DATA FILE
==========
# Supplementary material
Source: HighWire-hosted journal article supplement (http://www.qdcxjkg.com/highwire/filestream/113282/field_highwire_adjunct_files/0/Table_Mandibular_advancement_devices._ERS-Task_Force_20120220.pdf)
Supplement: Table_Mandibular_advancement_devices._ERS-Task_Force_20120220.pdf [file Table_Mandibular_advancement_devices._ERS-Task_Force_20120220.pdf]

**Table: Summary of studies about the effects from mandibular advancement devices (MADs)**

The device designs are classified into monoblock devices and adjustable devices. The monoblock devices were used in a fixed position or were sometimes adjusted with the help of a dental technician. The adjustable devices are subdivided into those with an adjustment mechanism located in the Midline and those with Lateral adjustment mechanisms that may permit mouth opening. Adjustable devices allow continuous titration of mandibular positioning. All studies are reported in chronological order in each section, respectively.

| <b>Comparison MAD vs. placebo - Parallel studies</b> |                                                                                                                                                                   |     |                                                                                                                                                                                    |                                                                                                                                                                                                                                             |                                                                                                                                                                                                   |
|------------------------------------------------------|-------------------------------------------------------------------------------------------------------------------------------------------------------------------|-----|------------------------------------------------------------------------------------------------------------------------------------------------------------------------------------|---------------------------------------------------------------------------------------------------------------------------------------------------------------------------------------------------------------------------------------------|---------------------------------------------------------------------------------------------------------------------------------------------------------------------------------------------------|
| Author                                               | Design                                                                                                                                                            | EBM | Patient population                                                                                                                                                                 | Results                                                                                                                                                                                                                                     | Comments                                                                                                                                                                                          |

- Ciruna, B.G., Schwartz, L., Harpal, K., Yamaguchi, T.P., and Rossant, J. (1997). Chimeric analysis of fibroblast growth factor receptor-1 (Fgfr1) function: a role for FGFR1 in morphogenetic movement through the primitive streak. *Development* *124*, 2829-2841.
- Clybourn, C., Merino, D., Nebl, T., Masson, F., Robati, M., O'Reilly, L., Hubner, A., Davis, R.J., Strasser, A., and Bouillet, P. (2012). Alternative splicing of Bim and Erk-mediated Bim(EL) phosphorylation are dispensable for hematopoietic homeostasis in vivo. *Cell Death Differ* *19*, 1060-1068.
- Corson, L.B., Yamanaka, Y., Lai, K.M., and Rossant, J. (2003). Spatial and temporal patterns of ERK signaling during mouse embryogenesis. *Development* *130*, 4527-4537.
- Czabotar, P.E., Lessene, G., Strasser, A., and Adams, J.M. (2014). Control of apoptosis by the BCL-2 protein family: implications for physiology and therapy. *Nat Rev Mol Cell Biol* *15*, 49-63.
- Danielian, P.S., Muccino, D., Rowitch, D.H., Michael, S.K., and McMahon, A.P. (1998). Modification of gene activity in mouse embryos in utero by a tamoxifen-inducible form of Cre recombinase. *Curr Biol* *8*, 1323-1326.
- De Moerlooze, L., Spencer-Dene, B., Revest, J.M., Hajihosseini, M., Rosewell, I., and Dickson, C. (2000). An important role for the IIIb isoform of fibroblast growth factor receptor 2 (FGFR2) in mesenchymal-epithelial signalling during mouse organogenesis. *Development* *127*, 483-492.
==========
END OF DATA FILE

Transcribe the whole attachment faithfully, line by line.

# Supplementary material
Source: HighWire-hosted journal article supplement (http://www.qdcxjkg.com/highwire/filestream/113282/field_highwire_adjunct_files/0/Table_Mandibular_advancement_devices._ERS-Task_Force_20120220.pdf)
Supplement: Table_Mandibular_advancement_devices._ERS-Task_Force_20120220.pdf [file Table_Mandibular_advancement_devices._ERS-Task_Force_20120220.pdf]

**Table: Summary of studies about the effects from mandibular advancement devices (MADs)**

The device designs are classified into monoblock devices and adjustable devices. The monoblock devices were used in a fixed position or were sometimes adjusted with the help of a dental technician. The adjustable devices are subdivided into those with an adjustment mechanism located in the Midline and those with Lateral adjustment mechanisms that may permit mouth opening. Adjustable devices allow continuous titration of mandibular positioning. All studies are reported in chronological order in each section, respectively.

| <b>Comparison MAD vs. placebo - Parallel studies</b> |                                                                                                                                                                   |     |                                                                                                                                                                                    |                                                                                                                                                                                                                                             |                                                                                                                                                                                                   |
|------------------------------------------------------|-------------------------------------------------------------------------------------------------------------------------------------------------------------------|-----|------------------------------------------------------------------------------------------------------------------------------------------------------------------------------------|---------------------------------------------------------------------------------------------------------------------------------------------------------------------------------------------------------------------------------------------|---------------------------------------------------------------------------------------------------------------------------------------------------------------------------------------------------|
| Author                                               | Design                                                                                                                                                            | EBM | Patient population                                                                                                                                                                 | Results                                                                                                                                                                                                                                     | Comments                                                                                                                                                                                          |

- Ciruna, B.G., Schwartz, L., Harpal, K., Yamaguchi, T.P., and Rossant, J. (1997). Chimeric analysis of fibroblast growth factor receptor-1 (Fgfr1) function: a role for FGFR1 in morphogenetic movement through the primitive streak. *Development* *124*, 2829-2841.
- Clybourn, C., Merino, D., Nebl, T., Masson, F., Robati, M., O'Reilly, L., Hubner, A., Davis, R.J., Strasser, A., and Bouillet, P. (2012). Alternative splicing of Bim and Erk-mediated Bim(EL) phosphorylation are dispensable for hematopoietic homeostasis in vivo. *Cell Death Differ* *19*, 1060-1068.
- Corson, L.B., Yamanaka, Y., Lai, K.M., and Rossant, J. (2003). Spatial and temporal patterns of ERK signaling during mouse embryogenesis. *Development* *130*, 4527-4537.
- Czabotar, P.E., Lessene, G., Strasser, A., and Adams, J.M. (2014). Control of apoptosis by the BCL-2 protein family: implications for physiology and therapy. *Nat Rev Mol Cell Biol* *15*, 49-63.
- Danielian, P.S., Muccino, D., Rowitch, D.H., Michael, S.K., and McMahon, A.P. (1998). Modification of gene activity in mouse embryos in utero by a tamoxifen-inducible form of Cre recombinase. *Curr Biol* *8*, 1323-1326.
- De Moerlooze, L., Spencer-Dene, B., Revest, J.M., Hajihosseini, M., Rosewell, I., and Dickson, C. (2000). An important role for the IIIb isoform of fibroblast growth factor receptor 2 (FGFR2) in mesenchymal-epithelial signalling during mouse organogenesis. *Development* *127*, 483-492.